Chinese Idioms: Net From Heaven to Earth (天羅地網)

By Duoyu Zhong
Duoyu Zhong
Duoyu Zhong
July 19, 2014 Updated: May 7, 2022

In the Northern Song Dynasty (A.D. 960–1127), Jia Yi and Li Shishi were lovers. Jia was a military attaché who was very handsome and known for his talent of writing poems. Li was a famous courtesan and very good at singing, dancing, and poetry.

They loved and appreciated each other.

Later, Emperor Huizong (A.D. 1082–1135) learned about Li Shishi and started to visit her. The emperor also enjoyed Li’s beauty and talent, so Jia had to end his relationship with her.

Heartbroken, Jia wrote a poem to express his feelings for Li and his jealousy toward the emperor.

The poem was discovered by a cruel minister named Gao Qiu who had Jia imprisoned. Jia was still grieving his lost love when he also lost his freedom.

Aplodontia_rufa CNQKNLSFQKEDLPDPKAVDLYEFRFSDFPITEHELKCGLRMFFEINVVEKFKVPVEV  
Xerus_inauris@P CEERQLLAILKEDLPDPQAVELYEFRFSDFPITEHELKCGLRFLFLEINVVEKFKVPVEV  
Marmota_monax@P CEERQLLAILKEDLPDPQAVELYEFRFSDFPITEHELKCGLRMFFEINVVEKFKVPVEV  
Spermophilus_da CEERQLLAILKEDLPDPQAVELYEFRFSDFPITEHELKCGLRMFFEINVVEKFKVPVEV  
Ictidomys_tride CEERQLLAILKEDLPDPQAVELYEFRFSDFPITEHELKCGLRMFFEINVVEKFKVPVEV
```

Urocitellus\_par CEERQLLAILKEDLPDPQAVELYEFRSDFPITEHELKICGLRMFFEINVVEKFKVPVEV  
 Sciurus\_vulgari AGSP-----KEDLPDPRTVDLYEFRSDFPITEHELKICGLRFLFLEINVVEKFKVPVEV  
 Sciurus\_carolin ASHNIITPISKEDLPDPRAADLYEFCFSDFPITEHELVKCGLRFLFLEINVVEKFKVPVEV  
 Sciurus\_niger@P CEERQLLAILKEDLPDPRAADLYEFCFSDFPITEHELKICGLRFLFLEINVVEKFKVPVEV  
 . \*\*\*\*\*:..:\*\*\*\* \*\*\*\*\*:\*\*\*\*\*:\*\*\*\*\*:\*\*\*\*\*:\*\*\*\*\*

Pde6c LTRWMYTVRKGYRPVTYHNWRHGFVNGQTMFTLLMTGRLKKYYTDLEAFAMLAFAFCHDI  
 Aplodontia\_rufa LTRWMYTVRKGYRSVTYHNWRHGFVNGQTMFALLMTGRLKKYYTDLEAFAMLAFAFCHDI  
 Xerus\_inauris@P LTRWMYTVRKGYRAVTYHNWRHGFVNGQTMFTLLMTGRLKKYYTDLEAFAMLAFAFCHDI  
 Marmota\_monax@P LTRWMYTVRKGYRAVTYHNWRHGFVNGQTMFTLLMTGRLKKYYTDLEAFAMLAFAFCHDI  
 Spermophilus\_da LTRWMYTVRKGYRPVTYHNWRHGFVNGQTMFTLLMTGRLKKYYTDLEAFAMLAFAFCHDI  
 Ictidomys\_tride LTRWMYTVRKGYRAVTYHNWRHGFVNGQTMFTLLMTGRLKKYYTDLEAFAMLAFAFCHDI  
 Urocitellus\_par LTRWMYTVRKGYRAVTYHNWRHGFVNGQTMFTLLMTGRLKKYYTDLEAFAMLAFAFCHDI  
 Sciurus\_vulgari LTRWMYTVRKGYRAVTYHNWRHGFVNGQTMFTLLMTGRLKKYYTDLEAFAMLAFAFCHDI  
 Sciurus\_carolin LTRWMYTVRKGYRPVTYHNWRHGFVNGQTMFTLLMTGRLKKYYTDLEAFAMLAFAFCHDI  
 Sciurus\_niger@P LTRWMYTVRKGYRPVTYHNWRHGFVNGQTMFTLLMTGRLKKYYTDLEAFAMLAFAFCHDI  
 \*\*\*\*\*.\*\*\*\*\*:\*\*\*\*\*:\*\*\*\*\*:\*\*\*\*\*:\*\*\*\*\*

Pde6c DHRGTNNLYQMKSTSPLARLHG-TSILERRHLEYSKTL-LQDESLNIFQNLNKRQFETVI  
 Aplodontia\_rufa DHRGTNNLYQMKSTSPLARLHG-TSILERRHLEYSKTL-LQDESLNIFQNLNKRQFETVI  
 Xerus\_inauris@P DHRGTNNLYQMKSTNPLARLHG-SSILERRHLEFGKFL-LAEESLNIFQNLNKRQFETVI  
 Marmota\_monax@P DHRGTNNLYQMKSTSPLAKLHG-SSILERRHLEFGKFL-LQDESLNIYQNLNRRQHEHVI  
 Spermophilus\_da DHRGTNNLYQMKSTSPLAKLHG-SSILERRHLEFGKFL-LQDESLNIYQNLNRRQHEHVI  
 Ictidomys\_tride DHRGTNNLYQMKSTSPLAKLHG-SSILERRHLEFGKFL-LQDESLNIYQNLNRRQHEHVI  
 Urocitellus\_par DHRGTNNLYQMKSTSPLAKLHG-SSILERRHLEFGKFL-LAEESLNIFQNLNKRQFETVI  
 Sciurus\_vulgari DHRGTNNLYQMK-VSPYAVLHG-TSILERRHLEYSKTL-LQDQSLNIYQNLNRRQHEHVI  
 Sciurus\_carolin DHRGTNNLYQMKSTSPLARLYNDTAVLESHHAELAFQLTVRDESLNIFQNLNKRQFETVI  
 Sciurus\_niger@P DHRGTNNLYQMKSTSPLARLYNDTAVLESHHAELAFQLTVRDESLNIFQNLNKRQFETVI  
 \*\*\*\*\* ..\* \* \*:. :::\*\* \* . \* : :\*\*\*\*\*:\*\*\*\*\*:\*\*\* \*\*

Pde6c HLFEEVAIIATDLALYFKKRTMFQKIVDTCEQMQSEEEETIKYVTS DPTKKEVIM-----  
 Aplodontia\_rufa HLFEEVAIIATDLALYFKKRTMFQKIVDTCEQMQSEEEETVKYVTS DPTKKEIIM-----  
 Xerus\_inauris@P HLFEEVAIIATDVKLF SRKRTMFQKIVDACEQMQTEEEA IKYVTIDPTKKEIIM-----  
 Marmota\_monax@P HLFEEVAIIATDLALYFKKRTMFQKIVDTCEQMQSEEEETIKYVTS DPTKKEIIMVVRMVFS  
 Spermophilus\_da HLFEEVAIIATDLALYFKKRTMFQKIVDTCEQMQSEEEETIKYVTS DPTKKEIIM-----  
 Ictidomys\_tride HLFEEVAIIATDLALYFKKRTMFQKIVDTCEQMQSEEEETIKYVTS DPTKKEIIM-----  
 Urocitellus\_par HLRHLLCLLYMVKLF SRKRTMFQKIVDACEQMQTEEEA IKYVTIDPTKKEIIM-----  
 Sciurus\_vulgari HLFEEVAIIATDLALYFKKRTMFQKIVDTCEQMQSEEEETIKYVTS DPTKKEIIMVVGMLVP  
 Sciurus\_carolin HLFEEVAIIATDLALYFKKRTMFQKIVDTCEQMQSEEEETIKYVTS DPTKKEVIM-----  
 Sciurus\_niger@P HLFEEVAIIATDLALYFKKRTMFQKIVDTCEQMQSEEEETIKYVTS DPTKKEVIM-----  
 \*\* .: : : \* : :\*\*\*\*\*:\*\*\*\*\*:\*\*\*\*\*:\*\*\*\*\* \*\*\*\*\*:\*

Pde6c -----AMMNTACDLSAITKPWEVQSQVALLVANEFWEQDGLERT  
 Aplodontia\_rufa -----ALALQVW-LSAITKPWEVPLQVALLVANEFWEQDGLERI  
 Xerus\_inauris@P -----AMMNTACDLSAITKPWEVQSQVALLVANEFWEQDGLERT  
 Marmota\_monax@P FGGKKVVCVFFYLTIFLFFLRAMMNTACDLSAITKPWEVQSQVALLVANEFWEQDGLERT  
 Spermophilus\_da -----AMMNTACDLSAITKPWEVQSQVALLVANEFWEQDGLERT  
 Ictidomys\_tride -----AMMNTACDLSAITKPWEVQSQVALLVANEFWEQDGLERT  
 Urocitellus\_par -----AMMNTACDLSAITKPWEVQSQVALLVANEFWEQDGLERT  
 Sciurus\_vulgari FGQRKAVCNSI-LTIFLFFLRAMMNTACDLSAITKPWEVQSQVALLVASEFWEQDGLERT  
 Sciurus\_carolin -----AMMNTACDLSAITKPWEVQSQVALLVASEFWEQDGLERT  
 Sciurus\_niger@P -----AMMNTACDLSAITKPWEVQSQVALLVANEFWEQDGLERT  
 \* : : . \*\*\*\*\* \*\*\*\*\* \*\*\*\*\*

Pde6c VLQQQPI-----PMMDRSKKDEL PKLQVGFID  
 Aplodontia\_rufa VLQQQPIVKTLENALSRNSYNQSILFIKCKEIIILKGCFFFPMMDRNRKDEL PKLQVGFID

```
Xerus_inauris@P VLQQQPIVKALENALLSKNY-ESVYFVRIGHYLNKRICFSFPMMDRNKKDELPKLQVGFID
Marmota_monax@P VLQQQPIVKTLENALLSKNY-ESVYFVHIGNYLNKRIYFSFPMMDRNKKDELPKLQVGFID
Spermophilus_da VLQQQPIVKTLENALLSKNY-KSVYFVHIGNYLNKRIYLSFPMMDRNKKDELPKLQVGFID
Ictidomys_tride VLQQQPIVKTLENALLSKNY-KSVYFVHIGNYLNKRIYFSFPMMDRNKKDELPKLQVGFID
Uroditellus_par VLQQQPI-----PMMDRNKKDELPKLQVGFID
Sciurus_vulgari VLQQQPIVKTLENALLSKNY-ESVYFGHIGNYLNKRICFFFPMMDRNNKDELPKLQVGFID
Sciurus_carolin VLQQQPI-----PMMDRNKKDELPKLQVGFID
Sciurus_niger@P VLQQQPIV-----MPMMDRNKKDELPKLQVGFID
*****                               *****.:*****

In the 13th century book Old Incidents in the Xuanhe Period of the Song Dynasty,(1) the expression 天羅地網 (tiān luó dì wǎng) was used to describe Jia’s situation. Literally, it means nets above and snares below and is translated as a net from heaven to earth. Later, it became an idiom to describe when one is in a dangerous situation and has no recourse.


  1. “Old Incidents in the Xuanhe Period of the Song Dynasty” included many versions of storytellers’ tales supposedly on historical events. It is divided into 10 chapters, roughly covering the history of the Song Dynasty from the early 11th century to the establishment of the Southern Song regime in 1127. The Chinese name of the text is “大宋宣和遺事” (“Dà Sòng Xuān Hé Yí Shì”).
Duoyu Zhong